Moreover, on a string of issues Labour is clearly to the right of National. Labour is more racist than National, especially when it comes to Asians and Asian immigration, they are to the right of National on social welfare and they are to the right of National on the retirement age. Because their links to elements in the trade union movement are one of the few remaining connections to anything even vaguely working class, Labour tends to be very marginally to the left of National on issues to do with limited union power – so they favour right-of-entry legislation for union organisers.
However, even in terms of “union issues” they are barely to the left of National. After all, National MPs voted for the legislation to “end” zero-hours contracts – I say “end” because, typically of bills introduced by Labour, it didn’t really do what it purported to do. (Unfortunately, some people on the left who really should know better talked up the reform of zero-hours contracts as a big win, when these contracts have not actually been abolished.) Moreover, Labour is opposed to workers’ right to withdraw our labour, whether over immediate economic issues or wider political concerns, and have indicated they are unlikely to repeal National’s 30-day legislation.
Labour’s years of attacks on the working class and their years of activity trying to smother any sign of self-activity on the part of the class – not to mention their general strategy of lowering the horizons of workers to get us to accept the very limited goods on offer these days by clapped-out capitalism – have come back to bite their arse.
For a new workers’ movement
Today, much of the working class rightly sense that parliamentary politics does not represent their interests. They simply don’t waste their time voting. This is especially true of Maori workers and even more so of Maori youth – a big majority, maybe 4 in 5, of young Maori (overwhelmingly working class) decided not to vote in 2014.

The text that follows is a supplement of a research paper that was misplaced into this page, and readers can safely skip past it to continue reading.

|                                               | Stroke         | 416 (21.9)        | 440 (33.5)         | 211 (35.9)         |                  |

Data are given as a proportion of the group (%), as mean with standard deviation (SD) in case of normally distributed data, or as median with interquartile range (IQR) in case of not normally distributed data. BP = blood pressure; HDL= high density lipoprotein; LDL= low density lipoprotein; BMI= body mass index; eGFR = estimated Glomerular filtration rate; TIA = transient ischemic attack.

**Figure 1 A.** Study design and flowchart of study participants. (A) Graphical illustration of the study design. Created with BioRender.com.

While these workers haven’t advanced beyond abstaining from the circus to realising that they need to build their own movement rather than leave it up to some bunch of middle class chancers to (mis)represent them, not being part of the circus is a small step forward.
Other workers vote NZ First, which is a kind of Old Labour (even Winston’s anti-Asian politics are very much traditional Labour) and National. A section of young workers probably vote Green.
The decline of the Labour Party, an institution of the ruling class for the suffocation of working class self-activity and the house-training of all movements for progressive social change, is to be welcomed by everyone who wants to see the working class advance its own interests. The decline may well be terminal. But that does not, unfortunately, mean a quick death. Labour plays such a valuable role for the ruling class, it is unlikely that the ruling class will simply let Labour die. They will get some kind of lifeline.
So, while we can celebrate the ongoing decline of this wretched party of pro-capitalist hacks, the thing that will finally kill it off will be the advance of the working class on the economic, social and political fronts. As we have said again and again on this blog, what we really need is a new movement – a movement of workers, by workers, for workers.
A movement that is equally opposed to all the political parties and institutions of the ruling class.
A movement that aims to put capitalism out of its misery, along with the whole set of alien institutions it imposes on our class.
A movement that aims for nothing less than the liberation of humanity.
Further reading: Redline on the Labour Party